The Paddocks

In our hearts we are farmers. We rear cattle, graze sheep and grow crops. We’ve always intended to farm in a way that is in harmony with nature; Having tall hedgerows full of berries for the birds, planting woodland in unproductive areas, sowing wildflower meadows etc. Until recently, we’ve thought we’d made a pretty good job in farming in harmony with the countryside, however I was then introduced to the book “Wilding” by Isabella Tree. After reading this book I realise that our efforts aren’t quite good enough.

Make no mistake, what we do is good. We have turtle doves returning to our farm every spring, many red listed species of birds inhabit our hedgerows, rare butterflies and bats fly overhead, but the book Wilding has changed my view of our potential. It’s made me rethink how we will look after the farm in the future and produce our food in an even better way. The approach though, as farming goes, is quite radical and one I’m still trying to get my head around.

What is Wilding?

Wilding is about conservation in its purest sense. Very little work is done by humans during the process. We don’t mow wildflower meadows at certain times or keep clearing scrubs or develop rides in woods. What you do is put livestock that represent the herbivores that roamed free on this land over 2000 years ago and let them do the work for you. 

This would mean you would see pigs and cattle in the woods and deer in the fields around our farm.  You would also see trees starting to grow in the middle of the fields and brambles too. For me as a farmer that is the radical part. Letting land go back to nature no trimming, cultivating or seeding.

Now the only problem for us here at West Lodge is that we want all of our visitors to go into the woods and walk through our nature trails; being at one with nature – enjoying the fresh air and open space – without being threatened by a pig or cow etc. I know from taking visitors around the farm on our tractor trailer rides that a few people have phobias about cows and the idea of stumbling across a cow in the middle of a wood may give them nightmares. But don’t be alarmed it’s all in the plan.

What we are planning will involve a great deal of preparation to get it right. This is the idea of writing this blog, to set out our stall and take you along with us. The walks to the woods will still be there, so too will some fencing. On other parts of the farm a lake will be re-instated and tracks for trailer rides and buggies created. The immediate farm park area will stay separate. The walks will allow you to have aerial views of how the deer, cattle and pigs move to find foraging areas throughout the farm. We’d like you to see the effect that the wilding will have on the farm firsthand.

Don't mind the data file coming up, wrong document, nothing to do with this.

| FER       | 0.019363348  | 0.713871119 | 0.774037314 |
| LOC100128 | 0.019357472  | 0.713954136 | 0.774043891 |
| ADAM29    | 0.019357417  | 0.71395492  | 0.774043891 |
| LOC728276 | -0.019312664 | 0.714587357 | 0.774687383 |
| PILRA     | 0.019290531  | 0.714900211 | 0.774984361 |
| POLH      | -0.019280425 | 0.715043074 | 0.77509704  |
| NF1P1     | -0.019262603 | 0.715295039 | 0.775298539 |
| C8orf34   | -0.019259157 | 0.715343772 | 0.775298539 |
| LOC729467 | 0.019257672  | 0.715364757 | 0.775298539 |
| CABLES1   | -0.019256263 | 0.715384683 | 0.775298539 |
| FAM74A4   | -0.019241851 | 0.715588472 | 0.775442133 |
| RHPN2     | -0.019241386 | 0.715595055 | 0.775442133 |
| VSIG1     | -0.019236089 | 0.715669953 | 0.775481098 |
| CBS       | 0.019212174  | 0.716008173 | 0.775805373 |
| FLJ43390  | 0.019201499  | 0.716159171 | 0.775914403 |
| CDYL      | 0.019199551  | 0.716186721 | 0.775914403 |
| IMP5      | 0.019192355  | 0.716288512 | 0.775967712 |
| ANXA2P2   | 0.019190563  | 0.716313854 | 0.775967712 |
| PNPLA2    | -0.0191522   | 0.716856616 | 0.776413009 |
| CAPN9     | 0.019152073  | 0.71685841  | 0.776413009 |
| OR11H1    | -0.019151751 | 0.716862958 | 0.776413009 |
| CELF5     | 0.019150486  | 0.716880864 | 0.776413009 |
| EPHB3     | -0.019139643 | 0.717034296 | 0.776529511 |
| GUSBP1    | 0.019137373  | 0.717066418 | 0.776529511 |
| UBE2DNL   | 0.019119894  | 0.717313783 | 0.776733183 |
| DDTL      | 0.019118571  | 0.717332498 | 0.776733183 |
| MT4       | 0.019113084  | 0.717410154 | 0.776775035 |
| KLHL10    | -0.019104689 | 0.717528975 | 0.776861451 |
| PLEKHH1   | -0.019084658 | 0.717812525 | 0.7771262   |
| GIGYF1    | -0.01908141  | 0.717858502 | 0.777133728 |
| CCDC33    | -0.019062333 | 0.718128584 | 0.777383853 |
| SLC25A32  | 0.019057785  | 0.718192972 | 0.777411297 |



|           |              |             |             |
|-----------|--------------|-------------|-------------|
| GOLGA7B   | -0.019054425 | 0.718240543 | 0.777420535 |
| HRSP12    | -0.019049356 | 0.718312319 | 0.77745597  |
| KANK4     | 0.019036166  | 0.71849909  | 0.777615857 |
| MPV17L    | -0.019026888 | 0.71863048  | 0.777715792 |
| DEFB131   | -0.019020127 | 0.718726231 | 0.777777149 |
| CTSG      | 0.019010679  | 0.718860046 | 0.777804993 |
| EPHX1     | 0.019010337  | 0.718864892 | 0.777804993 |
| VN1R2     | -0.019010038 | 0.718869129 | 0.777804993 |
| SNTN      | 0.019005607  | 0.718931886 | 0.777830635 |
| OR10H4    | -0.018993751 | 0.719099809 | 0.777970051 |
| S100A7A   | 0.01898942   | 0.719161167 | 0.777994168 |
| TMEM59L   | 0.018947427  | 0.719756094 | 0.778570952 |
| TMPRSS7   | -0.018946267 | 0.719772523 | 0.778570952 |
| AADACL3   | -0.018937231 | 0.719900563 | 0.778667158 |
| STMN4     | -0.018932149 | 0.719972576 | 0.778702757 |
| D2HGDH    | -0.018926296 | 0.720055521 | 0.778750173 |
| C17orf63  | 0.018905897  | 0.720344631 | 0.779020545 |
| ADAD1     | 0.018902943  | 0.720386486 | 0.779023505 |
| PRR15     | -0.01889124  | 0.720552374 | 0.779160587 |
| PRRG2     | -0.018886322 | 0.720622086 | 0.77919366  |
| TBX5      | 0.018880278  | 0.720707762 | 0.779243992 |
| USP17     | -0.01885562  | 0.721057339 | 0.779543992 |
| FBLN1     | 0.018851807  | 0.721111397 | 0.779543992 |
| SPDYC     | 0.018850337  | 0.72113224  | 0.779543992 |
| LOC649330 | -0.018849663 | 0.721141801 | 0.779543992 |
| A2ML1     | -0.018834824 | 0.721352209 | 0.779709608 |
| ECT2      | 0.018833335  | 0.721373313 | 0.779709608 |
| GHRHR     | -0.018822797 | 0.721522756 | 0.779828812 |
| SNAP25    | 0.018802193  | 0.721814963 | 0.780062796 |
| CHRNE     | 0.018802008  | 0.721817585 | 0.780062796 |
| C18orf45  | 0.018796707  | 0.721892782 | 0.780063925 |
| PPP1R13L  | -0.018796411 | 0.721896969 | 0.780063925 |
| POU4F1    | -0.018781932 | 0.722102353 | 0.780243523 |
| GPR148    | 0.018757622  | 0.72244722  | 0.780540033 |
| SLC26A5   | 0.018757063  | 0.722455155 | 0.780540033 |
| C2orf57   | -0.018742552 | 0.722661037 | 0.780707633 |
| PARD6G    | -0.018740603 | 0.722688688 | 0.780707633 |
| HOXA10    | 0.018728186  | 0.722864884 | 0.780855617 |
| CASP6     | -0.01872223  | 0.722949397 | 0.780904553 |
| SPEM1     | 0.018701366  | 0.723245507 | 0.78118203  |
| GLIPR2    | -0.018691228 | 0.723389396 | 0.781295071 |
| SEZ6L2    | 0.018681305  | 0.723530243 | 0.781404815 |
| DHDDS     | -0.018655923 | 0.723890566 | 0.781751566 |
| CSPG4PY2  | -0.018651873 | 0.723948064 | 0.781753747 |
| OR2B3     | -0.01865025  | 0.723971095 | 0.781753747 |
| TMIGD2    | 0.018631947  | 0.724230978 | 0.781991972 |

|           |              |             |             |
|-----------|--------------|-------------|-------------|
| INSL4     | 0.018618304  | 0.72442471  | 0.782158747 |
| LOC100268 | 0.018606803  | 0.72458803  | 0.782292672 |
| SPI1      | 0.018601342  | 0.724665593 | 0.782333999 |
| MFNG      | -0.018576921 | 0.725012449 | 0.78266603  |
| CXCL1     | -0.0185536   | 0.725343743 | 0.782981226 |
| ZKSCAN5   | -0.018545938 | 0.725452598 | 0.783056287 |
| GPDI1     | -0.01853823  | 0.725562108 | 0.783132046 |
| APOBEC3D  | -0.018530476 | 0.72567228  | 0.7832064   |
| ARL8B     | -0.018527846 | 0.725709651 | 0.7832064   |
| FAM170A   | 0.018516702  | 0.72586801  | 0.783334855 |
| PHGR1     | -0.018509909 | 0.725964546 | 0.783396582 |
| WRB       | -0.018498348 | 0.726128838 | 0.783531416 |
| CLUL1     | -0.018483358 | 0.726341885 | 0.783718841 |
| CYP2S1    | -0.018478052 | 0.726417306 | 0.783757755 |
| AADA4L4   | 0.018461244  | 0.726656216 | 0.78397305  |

To do this we will need help. You will be introduced to a number of like-minded people (and friends of ours) along the way. 

It’s important to know what you have before you start changing things and we’ve been lucky enough to have had the farm surveyed for wildlife by some experts in their field.

Griff Warrilow has been surveying birds on the farm since early 2000. His work has helped inspire us to take the next step and you really couldn’t meet a more pleasant and enthusiastic ornithologist (Birdie). Along with him, our local conservationist Nigel Lingley has been surveying Butterflies and recruited others to help with moths and insects to see what we have. The findings have been impressive, but I believe that what we’re planning will take it to another level. Griff, Nigel and no doubt many others will be needed to help with input and also monitor the effect that the change in direction will have.

Let’s hope it’s good!

Thanks for taking the time to read my first blog. I do hope to keep this updated every few weeks so keep checking in: ) I’d really like to hear your thoughts so please feel free to comment below.

Farmer Ed